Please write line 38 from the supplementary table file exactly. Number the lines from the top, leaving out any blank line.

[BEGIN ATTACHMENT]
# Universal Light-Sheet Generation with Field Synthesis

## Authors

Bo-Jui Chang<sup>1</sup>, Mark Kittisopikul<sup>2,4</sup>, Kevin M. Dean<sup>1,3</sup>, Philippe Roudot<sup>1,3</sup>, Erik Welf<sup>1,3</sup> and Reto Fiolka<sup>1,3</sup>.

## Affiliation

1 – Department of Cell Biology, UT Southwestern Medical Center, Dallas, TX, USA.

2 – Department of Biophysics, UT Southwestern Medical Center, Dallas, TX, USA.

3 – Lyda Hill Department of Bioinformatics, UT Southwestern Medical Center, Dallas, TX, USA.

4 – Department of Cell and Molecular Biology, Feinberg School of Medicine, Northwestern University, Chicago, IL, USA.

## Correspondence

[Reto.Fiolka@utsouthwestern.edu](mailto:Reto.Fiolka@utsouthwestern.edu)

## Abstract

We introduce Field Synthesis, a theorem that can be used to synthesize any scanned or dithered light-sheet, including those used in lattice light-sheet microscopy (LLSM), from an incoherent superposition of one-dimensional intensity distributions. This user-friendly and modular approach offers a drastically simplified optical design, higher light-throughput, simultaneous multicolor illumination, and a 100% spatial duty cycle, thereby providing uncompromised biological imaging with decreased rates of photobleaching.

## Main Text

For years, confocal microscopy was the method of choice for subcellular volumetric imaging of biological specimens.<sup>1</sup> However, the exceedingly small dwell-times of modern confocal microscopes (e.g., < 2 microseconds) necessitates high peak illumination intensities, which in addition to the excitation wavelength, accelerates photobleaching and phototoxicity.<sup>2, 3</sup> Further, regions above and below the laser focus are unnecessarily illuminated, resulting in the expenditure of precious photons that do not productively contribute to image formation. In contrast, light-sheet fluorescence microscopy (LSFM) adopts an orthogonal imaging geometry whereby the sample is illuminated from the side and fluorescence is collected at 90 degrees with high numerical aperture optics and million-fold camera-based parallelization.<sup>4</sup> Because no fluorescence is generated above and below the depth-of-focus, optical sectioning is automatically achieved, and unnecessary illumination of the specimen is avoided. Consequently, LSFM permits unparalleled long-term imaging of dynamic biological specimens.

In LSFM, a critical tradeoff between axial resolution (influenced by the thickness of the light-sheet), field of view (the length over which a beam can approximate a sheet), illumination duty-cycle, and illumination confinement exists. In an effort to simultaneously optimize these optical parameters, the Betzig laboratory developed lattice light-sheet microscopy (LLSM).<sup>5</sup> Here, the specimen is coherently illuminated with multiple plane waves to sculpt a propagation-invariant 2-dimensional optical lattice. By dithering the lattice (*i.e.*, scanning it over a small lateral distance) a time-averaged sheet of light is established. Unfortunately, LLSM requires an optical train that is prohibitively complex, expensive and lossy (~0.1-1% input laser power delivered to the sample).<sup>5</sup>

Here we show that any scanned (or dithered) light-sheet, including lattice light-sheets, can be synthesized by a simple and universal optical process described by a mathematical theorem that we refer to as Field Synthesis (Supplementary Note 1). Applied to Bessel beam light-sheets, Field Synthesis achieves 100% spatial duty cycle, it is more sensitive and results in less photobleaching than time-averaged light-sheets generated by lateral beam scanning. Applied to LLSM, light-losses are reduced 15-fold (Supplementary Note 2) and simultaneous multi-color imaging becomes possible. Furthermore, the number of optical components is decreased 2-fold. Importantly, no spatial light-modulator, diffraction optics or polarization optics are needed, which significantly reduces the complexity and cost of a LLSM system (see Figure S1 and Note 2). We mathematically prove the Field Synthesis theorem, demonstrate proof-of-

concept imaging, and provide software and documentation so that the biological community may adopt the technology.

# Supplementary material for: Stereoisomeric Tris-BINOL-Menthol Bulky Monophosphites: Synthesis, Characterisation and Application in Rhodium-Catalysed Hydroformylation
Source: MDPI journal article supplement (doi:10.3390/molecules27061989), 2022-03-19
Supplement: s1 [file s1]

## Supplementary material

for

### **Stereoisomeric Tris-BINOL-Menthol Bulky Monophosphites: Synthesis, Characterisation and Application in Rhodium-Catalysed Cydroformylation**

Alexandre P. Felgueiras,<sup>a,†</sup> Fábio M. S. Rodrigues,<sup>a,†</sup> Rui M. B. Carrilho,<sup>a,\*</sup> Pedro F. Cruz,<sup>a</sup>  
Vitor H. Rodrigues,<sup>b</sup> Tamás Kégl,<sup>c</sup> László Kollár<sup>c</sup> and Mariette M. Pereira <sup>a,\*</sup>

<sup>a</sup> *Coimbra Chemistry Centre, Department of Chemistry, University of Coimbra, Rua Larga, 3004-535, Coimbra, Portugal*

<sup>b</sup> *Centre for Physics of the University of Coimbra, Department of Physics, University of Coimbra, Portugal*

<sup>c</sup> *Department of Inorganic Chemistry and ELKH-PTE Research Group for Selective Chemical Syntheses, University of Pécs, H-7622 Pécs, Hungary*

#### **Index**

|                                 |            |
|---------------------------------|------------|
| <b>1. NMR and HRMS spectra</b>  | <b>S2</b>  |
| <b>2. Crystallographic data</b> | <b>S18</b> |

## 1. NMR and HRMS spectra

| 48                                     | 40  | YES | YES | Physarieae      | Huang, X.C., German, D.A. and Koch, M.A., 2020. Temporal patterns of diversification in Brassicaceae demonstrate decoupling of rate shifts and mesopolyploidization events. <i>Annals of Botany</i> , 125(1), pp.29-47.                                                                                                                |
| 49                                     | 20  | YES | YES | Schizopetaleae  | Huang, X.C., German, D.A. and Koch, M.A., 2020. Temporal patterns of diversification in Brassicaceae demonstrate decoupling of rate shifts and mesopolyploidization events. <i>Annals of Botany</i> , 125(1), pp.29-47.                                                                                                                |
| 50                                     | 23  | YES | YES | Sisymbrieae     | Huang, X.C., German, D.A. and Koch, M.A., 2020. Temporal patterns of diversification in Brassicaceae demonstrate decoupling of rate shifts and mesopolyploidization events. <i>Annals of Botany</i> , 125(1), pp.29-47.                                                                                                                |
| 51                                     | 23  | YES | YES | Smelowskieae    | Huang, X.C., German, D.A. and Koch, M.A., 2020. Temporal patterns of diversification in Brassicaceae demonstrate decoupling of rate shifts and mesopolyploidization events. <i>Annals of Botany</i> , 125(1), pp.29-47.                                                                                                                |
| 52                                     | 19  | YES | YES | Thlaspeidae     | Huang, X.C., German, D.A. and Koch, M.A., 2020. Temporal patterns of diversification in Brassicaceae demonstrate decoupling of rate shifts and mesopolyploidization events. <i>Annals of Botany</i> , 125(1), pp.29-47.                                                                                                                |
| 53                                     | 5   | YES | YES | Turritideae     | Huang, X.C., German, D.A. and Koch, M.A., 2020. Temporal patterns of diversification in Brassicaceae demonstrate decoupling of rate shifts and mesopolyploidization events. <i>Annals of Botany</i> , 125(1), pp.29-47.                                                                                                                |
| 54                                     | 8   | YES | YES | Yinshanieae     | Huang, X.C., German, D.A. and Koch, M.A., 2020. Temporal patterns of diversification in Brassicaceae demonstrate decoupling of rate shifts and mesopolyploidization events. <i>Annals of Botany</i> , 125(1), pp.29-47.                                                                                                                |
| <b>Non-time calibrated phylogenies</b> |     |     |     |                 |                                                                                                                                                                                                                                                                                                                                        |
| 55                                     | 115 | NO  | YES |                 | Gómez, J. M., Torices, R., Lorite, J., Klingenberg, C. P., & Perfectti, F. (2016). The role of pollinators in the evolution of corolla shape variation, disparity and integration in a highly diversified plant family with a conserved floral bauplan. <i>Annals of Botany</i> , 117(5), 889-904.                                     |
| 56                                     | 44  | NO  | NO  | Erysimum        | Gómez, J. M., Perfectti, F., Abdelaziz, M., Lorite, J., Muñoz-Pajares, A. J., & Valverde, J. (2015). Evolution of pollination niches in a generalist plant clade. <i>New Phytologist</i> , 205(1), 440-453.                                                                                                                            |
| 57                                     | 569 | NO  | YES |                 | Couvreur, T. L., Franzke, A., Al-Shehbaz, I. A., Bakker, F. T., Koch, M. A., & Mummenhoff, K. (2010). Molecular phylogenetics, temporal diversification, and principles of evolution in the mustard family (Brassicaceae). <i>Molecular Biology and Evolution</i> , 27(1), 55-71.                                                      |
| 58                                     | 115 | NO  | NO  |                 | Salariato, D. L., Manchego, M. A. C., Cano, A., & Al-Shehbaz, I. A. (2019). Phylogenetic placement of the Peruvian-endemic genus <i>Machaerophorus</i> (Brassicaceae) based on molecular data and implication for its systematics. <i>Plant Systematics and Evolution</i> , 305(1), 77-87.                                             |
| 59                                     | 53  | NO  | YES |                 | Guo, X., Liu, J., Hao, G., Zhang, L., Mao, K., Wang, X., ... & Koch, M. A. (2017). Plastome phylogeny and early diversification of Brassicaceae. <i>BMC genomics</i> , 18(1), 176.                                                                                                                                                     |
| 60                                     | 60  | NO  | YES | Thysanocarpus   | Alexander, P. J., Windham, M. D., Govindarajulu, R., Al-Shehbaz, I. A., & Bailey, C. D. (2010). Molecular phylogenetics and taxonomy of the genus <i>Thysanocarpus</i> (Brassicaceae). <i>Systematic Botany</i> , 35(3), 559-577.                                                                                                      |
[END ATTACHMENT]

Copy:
| 51                                     | 23  | YES | YES | Smelowskieae    | Huang, X.C., German, D.A. and Koch, M.A., 2020. Temporal patterns of diversification in Brassicaceae demonstrate decoupling of rate shifts and mesopolyploidization events. <i>Annals of Botany</i> , 125(1), pp.29-47.                                                                                                                |